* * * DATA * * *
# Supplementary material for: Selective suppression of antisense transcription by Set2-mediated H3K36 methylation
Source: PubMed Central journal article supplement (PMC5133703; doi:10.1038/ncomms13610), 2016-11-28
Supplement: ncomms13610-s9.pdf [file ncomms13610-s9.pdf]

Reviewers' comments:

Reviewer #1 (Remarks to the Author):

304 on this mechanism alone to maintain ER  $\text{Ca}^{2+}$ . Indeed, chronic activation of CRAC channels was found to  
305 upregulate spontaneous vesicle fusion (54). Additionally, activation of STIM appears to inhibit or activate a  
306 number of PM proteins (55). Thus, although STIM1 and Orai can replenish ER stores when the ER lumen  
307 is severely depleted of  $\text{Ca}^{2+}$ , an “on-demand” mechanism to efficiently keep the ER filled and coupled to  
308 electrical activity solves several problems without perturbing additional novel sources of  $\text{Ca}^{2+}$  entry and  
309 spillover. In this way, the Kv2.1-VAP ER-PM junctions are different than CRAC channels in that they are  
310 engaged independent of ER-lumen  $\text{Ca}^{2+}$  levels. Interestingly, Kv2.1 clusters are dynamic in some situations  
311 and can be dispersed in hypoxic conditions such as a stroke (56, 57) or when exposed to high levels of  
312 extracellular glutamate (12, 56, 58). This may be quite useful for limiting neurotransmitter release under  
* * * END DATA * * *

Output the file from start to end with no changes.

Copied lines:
# Supplementary material for: Selective suppression of antisense transcription by Set2-mediated H3K36 methylation
Source: PubMed Central journal article supplement (PMC5133703; doi:10.1038/ncomms13610), 2016-11-28
Supplement: ncomms13610-s9.pdf [file ncomms13610-s9.pdf]

Reviewers' comments:

Reviewer #1 (Remarks to the Author):

304 on this mechanism alone to maintain ER  $\text{Ca}^{2+}$ . Indeed, chronic activation of CRAC channels was found to  
305 upregulate spontaneous vesicle fusion (54). Additionally, activation of STIM appears to inhibit or activate a  
306 number of PM proteins (55). Thus, although STIM1 and Orai can replenish ER stores when the ER lumen  
307 is severely depleted of  $\text{Ca}^{2+}$ , an “on-demand” mechanism to efficiently keep the ER filled and coupled to  
308 electrical activity solves several problems without perturbing additional novel sources of  $\text{Ca}^{2+}$  entry and  
309 spillover. In this way, the Kv2.1-VAP ER-PM junctions are different than CRAC channels in that they are  
310 engaged independent of ER-lumen  $\text{Ca}^{2+}$  levels. Interestingly, Kv2.1 clusters are dynamic in some situations  
311 and can be dispersed in hypoxic conditions such as a stroke (56, 57) or when exposed to high levels of  
312 extracellular glutamate (12, 56, 58). This may be quite useful for limiting neurotransmitter release under  